Lachman Test


- See:
      - Anterior Cruciate Ligament
      - Anterolateral Rotatory Instability
      - Clunk Test
      - Losee Test
      - Pivot shift

- Discussion:
    - this is a variant of the anterior drawer test, in which the examination is carried out w/ the knee in 15 deg of flexion, and external rotation (relaxes IT band);
    - for a right knee, the examiner's right hand grips the inner aspect of the calf and the left hand grasps outer aspect of the distal thigh;
    - attempt to quantify the displacement in mm (comparing this displacement to the normal side);
    - end point should be graded as hard or soft;
           - end point is said to be hard when the ACL abruptly halts the forward motion of the tibia on the femur;
           - end point is soft when there is no ACL & restraints are more elastic secondary stabilizers;

              

- Definition of Severity:
    - clinical exam:
          - mild: 0 to 5 mm laxity (greater than the uninvolved side)
          - moderate: 6 to 10 mm laxity (greater than the uninvolved side)
          - severe: 11 to 15 mm laxity (greater than the uninvolved side)
                  - when exam reveals such a large amount of translation always consider concomitant MCL tear / meniscal tear;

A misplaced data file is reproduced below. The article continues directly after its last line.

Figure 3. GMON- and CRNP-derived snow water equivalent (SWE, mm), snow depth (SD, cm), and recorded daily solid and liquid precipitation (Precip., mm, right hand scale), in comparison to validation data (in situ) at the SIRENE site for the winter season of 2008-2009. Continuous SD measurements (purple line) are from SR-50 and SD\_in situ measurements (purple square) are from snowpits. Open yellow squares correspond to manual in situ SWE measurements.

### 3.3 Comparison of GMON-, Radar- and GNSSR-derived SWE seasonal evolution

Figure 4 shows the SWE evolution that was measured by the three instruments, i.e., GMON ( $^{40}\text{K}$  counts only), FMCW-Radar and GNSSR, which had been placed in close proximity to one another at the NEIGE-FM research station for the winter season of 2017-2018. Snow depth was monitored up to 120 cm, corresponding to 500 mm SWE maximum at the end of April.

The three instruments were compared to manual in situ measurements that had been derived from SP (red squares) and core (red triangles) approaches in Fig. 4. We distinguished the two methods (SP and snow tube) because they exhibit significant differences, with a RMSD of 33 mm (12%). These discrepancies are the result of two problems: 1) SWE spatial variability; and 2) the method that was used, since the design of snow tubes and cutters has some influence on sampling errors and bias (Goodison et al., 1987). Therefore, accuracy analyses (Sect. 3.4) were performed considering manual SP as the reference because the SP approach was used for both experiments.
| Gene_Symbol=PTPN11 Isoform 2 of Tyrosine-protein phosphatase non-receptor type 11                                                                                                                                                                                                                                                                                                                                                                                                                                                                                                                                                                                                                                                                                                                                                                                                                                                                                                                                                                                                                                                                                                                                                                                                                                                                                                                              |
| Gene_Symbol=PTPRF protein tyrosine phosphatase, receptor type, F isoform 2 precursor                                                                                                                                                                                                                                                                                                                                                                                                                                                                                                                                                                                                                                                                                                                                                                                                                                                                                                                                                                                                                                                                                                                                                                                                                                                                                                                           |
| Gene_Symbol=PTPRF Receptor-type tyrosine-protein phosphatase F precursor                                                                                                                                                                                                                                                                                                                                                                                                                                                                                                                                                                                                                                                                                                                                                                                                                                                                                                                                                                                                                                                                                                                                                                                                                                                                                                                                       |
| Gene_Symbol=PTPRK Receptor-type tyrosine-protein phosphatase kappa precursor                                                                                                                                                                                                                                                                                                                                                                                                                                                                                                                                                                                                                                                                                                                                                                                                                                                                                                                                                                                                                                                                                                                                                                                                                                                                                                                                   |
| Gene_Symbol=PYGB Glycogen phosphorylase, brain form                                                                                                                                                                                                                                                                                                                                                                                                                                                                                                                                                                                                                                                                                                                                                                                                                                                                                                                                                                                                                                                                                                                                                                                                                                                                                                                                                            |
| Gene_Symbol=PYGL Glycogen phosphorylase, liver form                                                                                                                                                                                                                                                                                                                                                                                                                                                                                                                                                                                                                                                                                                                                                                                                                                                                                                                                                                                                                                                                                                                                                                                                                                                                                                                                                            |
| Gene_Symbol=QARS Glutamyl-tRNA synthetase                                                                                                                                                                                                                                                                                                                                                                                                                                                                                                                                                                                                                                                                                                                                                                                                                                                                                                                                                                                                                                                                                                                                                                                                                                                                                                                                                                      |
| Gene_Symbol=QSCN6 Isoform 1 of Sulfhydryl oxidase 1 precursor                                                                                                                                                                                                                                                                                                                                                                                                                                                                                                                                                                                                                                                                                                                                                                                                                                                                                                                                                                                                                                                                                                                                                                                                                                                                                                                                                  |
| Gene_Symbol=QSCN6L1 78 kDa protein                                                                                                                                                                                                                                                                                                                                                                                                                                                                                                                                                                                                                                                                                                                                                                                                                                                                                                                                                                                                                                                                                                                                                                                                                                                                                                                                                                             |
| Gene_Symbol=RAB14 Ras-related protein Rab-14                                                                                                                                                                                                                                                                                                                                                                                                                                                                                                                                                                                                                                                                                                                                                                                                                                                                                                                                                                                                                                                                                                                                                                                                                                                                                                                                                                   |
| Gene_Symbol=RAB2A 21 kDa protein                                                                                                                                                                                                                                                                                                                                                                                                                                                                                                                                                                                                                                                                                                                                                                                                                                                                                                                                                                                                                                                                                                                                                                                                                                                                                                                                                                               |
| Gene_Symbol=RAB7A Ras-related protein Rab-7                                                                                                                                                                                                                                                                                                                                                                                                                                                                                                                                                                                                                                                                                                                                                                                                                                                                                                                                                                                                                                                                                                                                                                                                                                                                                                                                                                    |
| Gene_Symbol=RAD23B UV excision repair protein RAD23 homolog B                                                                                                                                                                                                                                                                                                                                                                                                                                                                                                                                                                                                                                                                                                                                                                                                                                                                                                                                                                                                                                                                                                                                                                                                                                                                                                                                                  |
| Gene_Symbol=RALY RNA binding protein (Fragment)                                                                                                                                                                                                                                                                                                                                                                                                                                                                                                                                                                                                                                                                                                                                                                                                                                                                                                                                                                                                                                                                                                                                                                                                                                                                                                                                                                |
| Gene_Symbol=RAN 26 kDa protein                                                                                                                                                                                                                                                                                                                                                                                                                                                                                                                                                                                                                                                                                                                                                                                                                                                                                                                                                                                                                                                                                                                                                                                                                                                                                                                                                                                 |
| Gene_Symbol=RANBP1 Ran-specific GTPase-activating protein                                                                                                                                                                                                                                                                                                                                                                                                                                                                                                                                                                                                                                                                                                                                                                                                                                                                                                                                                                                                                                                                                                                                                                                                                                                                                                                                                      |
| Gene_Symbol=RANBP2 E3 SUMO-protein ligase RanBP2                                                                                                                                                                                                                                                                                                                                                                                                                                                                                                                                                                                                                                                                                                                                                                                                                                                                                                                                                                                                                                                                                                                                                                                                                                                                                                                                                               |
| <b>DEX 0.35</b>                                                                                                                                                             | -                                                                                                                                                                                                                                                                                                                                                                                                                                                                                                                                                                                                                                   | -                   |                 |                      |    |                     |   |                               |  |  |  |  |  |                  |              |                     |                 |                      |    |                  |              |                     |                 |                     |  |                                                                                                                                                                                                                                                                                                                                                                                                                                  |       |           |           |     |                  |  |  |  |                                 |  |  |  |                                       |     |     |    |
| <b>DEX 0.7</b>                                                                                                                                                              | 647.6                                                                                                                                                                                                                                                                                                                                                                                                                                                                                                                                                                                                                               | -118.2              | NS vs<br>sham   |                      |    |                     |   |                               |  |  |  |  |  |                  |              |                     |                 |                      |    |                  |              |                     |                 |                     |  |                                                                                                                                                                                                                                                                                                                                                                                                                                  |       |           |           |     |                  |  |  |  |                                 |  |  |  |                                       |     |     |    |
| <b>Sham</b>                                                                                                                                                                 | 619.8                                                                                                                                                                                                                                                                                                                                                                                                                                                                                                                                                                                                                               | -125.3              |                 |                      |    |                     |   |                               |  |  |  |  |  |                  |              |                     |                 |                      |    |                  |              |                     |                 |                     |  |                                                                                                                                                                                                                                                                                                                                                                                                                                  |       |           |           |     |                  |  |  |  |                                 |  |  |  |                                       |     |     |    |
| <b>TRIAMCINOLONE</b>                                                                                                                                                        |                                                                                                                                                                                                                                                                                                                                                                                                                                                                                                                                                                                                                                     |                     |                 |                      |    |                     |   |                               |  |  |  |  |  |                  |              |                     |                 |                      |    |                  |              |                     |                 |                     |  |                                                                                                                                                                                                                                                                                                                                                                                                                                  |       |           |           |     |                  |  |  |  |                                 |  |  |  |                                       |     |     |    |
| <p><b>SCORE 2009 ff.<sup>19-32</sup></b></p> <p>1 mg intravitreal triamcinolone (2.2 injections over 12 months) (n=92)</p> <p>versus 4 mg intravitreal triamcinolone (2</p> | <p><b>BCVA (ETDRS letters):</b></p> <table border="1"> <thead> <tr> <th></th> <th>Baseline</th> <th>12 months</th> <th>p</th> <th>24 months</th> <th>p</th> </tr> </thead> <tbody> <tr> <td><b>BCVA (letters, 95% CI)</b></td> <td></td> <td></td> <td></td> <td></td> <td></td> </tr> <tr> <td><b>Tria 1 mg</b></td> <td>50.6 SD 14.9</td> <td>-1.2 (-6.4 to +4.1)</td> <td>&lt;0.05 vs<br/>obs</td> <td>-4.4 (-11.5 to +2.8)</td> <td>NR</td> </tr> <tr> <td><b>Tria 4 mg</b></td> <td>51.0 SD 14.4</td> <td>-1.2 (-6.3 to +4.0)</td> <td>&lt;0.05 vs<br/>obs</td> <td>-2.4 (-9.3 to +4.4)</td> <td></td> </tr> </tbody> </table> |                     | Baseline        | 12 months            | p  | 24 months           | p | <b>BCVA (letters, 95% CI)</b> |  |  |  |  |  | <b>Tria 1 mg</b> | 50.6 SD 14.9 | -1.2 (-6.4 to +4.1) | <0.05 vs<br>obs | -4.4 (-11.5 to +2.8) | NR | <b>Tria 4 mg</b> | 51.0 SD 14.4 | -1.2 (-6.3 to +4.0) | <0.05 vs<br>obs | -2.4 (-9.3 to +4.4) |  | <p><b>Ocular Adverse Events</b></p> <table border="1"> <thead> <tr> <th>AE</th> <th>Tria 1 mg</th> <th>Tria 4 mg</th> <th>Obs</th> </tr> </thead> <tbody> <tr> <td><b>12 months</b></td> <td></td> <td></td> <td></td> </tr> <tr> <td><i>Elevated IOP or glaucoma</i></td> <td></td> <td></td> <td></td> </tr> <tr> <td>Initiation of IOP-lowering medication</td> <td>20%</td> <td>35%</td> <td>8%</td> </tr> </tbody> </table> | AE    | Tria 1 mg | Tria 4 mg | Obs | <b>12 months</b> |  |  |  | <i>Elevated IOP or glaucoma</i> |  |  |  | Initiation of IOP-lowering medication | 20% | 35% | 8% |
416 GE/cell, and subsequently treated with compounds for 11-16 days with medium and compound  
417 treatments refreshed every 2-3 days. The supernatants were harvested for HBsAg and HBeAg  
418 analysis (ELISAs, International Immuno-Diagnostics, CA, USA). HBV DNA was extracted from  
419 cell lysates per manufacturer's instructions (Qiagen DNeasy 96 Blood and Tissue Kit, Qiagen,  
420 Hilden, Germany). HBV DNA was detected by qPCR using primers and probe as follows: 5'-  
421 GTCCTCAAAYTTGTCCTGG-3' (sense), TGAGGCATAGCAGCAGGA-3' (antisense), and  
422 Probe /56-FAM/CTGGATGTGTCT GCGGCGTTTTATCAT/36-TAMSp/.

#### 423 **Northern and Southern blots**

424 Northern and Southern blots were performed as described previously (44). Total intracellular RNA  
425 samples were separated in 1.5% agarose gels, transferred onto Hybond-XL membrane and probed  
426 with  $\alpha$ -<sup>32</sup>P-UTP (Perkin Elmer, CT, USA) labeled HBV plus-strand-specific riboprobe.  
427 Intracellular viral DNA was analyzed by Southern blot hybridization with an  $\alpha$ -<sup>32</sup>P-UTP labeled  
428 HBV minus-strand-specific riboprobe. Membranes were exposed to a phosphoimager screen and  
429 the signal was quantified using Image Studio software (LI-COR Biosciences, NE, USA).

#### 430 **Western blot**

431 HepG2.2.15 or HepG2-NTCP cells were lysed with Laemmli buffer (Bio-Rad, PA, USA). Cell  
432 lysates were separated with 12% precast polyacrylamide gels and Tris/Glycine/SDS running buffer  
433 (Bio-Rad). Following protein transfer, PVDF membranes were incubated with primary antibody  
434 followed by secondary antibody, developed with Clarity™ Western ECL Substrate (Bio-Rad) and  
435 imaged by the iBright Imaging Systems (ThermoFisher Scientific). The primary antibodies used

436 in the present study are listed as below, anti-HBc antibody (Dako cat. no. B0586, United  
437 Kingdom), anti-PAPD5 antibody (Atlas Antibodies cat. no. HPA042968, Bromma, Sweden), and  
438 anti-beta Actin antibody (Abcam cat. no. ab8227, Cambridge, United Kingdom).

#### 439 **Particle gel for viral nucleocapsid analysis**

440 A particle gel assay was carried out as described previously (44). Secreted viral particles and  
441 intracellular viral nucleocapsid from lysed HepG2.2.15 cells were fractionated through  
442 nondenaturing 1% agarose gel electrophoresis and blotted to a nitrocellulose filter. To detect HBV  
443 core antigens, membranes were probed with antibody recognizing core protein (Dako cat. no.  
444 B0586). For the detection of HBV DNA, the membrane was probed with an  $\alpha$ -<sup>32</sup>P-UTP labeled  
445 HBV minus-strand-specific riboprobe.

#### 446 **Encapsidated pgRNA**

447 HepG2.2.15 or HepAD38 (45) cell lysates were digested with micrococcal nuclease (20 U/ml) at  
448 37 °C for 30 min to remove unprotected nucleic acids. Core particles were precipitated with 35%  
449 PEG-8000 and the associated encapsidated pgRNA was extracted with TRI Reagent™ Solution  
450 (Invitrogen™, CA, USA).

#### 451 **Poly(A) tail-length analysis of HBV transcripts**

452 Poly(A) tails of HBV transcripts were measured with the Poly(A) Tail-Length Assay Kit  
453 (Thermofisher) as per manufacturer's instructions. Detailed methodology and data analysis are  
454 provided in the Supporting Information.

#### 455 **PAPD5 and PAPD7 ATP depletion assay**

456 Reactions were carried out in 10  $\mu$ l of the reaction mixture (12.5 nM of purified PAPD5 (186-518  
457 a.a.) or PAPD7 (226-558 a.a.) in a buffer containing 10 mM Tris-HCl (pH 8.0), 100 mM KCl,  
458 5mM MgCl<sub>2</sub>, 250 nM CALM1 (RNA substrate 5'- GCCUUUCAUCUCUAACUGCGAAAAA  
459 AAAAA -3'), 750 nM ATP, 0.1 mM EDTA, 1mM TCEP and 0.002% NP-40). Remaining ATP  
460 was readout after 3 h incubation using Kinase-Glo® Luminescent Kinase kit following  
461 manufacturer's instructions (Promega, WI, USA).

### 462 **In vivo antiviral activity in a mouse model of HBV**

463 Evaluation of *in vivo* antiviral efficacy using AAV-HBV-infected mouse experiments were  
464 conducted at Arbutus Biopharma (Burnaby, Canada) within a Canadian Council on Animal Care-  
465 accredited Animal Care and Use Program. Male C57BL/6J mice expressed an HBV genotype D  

- KT-1000:
          - greater than 11 mm of anterior translation of the injured side or greater than 3 mm of side to side difference (delta lachman) indicates ACL tear;
          - following ACL reconstruction, laxity should be less than 3 mm compared to opposite side


Lachman test evaluated. Quantification of a clinical observation.

Injury to the anterior cruciate ligament producing the pivot-shift sign.

Long-term functional results in patients with anterolateral rotatory instability treated by iliotibial band transfer.

Arthrometric evaluation of knees that have torn anterior cruciate ligament

What Really Happens During the Lachman Test? A Dynamic MRI Analysis of Tibiofemoral Motion.

Relationship Between the Pivot Shift and Lachman Tests: A Cadaver Study

Similarities and Differences of Diagnostic Manual Tests for Anterior Cruciate Ligament Insufficiency. A Global Survey and Kinematics Assessment




Original Text by Clifford R. Wheeless, III, MD.

Last updated by Data Trace Staff on Tuesday, May 1, 2012 4:45 pm